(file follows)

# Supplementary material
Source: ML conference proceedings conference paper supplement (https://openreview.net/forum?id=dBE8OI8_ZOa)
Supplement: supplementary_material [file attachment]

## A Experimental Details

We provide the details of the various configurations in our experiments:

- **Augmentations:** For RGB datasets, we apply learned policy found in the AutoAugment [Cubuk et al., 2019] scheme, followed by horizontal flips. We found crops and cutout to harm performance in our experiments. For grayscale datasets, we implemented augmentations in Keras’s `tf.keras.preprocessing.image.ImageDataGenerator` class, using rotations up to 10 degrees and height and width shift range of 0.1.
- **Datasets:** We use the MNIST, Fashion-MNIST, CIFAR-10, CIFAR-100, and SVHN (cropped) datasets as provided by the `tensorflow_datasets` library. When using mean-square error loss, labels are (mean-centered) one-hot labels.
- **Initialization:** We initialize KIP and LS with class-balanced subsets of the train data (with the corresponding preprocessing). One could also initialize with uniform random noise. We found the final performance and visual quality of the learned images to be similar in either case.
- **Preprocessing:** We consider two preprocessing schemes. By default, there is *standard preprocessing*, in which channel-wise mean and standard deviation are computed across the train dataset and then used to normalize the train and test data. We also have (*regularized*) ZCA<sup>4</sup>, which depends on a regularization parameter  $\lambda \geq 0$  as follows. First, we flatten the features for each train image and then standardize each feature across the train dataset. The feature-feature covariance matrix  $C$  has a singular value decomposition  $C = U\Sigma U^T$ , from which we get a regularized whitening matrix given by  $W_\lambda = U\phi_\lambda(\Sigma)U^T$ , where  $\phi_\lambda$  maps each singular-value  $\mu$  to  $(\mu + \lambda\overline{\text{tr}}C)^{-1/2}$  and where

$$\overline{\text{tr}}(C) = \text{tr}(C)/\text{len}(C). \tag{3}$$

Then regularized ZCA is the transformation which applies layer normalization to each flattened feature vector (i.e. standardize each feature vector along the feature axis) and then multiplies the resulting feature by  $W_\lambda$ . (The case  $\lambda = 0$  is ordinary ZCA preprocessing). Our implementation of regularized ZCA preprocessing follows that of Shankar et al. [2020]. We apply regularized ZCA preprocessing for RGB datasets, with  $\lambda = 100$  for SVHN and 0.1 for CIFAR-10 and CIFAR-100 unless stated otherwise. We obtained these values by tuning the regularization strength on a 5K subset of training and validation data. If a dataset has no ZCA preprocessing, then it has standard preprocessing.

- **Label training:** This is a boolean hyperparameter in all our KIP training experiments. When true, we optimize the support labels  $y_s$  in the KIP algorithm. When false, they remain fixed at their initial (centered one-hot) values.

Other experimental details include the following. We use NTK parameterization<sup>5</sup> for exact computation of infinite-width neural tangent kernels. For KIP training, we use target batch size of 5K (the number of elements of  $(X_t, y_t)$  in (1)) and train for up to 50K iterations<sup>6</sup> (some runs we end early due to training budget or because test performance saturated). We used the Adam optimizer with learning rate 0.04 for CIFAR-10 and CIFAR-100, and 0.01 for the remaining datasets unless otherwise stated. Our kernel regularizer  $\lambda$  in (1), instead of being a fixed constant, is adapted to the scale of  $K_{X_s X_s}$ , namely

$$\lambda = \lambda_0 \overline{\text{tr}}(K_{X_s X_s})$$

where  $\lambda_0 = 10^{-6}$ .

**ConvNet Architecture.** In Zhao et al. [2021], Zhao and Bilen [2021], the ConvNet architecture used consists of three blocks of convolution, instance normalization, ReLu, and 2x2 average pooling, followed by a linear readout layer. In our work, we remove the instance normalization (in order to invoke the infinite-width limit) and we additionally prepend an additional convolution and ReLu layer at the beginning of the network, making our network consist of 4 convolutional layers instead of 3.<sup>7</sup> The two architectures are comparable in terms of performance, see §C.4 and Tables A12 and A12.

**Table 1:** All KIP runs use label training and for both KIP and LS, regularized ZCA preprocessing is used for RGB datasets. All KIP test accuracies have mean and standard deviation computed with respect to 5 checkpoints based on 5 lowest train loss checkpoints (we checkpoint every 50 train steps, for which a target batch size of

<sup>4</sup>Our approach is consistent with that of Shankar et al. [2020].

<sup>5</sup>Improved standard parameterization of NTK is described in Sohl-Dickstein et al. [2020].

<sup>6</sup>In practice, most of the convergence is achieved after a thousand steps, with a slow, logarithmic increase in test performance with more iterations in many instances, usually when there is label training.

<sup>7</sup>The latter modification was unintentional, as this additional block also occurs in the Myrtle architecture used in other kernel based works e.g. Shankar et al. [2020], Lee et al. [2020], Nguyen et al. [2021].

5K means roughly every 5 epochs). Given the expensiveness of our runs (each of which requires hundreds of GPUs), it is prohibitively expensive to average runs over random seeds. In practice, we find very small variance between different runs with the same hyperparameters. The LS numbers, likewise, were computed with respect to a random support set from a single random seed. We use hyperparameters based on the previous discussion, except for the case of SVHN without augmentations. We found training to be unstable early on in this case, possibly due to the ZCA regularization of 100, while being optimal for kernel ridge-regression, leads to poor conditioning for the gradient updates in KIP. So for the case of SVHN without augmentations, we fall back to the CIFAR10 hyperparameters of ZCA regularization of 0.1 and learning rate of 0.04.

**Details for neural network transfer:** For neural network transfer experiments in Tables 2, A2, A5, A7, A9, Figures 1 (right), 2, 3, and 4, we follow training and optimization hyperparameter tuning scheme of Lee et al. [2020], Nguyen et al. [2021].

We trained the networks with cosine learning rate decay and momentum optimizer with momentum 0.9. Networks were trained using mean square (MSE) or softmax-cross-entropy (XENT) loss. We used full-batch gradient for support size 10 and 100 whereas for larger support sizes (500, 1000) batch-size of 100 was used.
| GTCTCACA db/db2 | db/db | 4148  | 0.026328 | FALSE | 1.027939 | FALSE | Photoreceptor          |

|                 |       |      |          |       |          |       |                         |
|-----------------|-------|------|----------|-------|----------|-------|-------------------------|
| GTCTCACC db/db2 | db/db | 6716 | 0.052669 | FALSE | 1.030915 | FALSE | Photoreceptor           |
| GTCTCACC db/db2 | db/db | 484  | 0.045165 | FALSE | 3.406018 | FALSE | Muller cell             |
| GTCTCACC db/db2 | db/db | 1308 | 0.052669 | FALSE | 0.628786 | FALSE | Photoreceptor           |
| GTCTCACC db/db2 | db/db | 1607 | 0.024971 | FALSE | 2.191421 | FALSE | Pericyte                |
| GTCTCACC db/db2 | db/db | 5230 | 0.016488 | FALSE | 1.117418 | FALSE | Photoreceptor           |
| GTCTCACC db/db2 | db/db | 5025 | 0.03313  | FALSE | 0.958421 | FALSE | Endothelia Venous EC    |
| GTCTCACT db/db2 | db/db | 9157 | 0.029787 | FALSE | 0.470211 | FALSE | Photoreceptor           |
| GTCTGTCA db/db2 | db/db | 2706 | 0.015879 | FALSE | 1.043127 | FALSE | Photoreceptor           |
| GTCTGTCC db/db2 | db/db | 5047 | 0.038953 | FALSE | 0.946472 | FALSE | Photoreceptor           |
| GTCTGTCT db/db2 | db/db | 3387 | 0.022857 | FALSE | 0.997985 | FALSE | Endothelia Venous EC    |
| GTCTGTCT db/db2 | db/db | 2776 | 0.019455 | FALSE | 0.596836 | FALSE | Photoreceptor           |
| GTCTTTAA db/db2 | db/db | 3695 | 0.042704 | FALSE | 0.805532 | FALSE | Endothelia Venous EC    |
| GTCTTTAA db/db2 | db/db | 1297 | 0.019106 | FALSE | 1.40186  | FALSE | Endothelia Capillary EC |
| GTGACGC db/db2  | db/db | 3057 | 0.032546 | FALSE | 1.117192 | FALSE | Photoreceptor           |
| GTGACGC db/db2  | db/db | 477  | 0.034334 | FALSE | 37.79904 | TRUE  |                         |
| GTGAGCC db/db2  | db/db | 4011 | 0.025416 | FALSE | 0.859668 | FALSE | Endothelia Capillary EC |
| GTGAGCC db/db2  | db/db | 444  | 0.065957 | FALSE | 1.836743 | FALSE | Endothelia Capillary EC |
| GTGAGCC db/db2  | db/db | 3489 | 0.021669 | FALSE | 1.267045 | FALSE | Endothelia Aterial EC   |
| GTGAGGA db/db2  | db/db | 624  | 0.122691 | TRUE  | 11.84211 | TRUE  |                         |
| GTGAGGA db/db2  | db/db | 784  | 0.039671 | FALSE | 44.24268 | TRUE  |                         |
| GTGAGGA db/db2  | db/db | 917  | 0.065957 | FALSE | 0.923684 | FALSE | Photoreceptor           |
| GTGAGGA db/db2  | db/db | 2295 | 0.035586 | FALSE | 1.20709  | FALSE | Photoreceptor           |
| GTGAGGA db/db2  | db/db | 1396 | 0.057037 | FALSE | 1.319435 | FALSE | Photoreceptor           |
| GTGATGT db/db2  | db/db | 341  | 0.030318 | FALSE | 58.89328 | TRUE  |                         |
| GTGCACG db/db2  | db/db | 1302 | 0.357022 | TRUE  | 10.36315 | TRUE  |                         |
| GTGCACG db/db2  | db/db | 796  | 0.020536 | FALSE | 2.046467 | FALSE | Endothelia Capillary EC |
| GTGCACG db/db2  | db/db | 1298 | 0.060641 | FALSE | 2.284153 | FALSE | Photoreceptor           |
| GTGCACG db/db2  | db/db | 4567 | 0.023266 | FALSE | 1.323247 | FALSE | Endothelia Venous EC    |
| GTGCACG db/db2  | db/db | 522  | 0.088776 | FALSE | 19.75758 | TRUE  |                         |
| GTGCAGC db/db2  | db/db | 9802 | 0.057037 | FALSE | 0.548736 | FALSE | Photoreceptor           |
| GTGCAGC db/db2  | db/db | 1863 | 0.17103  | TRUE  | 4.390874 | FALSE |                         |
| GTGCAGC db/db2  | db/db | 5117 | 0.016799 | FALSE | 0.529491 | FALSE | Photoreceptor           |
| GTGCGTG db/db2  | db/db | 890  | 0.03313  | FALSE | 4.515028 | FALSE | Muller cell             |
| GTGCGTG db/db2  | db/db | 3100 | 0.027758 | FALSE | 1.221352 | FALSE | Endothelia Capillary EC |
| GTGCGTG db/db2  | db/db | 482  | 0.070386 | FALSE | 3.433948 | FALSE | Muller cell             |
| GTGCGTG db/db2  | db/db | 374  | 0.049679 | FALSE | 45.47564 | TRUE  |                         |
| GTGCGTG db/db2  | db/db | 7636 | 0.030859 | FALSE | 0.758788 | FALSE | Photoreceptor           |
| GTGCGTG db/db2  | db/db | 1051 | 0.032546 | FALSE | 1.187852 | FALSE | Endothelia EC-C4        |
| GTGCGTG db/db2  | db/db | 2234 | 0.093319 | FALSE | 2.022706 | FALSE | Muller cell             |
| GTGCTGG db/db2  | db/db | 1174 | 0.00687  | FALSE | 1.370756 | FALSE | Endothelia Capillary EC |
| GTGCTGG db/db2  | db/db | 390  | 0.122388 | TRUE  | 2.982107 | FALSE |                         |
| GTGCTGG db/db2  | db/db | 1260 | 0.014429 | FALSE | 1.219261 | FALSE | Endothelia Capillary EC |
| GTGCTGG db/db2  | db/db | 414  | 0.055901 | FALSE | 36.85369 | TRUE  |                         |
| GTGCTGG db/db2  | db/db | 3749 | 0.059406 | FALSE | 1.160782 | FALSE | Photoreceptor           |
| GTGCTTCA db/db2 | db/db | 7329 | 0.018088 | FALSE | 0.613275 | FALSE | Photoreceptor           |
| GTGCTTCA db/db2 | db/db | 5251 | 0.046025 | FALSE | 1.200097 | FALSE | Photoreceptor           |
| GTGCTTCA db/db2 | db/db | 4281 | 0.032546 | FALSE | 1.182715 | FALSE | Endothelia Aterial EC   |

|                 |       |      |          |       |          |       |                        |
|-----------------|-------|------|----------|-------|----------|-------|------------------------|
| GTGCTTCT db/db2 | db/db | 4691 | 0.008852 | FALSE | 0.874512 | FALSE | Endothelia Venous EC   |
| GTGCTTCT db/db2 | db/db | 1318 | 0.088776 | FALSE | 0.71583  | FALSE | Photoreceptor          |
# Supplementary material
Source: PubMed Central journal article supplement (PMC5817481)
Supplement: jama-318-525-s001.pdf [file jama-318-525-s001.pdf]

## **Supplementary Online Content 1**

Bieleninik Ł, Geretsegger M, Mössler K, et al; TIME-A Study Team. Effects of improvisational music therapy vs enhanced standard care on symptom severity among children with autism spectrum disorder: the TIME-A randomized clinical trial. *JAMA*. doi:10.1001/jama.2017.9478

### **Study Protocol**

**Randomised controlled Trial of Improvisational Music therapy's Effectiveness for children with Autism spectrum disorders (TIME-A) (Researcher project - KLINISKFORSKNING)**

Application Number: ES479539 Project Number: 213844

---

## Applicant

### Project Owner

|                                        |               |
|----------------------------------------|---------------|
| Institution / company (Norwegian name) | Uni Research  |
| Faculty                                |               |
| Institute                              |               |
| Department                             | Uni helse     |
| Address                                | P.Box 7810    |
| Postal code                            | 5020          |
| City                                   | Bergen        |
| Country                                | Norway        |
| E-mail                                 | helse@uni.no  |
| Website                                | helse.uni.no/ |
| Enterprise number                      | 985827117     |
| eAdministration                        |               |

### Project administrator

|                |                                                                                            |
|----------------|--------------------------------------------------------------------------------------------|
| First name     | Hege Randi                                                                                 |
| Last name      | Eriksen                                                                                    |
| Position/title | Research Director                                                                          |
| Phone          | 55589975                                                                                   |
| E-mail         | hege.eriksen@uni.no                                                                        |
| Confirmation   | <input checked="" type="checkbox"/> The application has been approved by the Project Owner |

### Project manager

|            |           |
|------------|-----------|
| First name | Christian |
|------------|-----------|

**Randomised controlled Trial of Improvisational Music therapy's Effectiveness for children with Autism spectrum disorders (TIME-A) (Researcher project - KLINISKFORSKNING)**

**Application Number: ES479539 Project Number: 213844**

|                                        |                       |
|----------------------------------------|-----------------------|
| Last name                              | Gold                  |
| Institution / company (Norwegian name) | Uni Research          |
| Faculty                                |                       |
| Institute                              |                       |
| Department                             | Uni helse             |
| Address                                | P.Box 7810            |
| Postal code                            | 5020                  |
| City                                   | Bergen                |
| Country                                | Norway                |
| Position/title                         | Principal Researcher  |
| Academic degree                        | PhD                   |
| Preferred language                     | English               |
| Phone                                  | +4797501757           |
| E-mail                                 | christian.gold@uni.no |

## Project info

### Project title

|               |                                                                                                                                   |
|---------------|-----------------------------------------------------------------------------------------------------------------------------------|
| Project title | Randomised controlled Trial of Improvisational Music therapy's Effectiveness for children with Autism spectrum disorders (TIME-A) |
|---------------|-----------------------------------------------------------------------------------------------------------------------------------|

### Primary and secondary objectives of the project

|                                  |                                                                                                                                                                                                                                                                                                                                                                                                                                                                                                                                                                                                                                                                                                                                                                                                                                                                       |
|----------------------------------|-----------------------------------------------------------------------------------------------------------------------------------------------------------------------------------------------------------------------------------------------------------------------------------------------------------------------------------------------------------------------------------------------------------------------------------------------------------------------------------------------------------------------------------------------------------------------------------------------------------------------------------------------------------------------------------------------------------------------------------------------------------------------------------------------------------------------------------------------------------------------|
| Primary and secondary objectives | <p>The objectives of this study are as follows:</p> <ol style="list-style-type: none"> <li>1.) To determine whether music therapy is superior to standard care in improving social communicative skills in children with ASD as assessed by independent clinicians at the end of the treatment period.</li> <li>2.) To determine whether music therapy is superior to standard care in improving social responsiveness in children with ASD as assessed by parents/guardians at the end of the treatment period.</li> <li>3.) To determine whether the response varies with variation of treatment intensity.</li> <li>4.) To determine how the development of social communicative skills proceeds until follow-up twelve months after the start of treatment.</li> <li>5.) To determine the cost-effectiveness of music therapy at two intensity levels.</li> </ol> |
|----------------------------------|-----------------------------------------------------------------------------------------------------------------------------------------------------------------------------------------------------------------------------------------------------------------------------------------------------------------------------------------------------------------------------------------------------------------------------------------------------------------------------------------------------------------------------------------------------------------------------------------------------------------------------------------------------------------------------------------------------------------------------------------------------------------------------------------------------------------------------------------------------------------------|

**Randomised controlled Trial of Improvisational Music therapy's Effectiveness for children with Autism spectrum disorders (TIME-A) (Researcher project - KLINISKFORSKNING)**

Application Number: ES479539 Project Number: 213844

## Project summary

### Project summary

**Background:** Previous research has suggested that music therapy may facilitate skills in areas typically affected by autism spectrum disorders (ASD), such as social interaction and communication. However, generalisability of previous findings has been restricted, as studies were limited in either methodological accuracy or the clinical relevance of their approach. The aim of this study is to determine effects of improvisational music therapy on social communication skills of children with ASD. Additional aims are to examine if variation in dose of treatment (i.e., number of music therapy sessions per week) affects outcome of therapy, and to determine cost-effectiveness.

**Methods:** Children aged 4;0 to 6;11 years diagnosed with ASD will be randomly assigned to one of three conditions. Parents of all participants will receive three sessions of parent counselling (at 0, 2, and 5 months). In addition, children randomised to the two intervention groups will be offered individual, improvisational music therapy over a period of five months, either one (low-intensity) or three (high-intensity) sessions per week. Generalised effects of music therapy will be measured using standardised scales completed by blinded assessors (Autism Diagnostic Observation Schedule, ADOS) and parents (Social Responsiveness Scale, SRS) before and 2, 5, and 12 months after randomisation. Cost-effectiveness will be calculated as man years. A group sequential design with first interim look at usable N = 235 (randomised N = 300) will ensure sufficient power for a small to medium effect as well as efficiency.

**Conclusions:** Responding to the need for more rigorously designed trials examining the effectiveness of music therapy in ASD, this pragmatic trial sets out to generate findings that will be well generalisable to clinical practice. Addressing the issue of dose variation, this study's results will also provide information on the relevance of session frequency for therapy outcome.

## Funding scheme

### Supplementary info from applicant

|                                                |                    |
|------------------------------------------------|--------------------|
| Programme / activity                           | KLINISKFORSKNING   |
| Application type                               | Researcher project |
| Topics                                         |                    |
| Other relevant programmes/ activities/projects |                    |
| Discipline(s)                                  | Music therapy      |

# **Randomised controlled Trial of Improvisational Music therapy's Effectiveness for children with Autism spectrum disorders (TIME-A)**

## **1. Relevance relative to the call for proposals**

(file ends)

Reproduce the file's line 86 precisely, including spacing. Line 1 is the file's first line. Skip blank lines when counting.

Application Number: ES479539 Project Number: 213844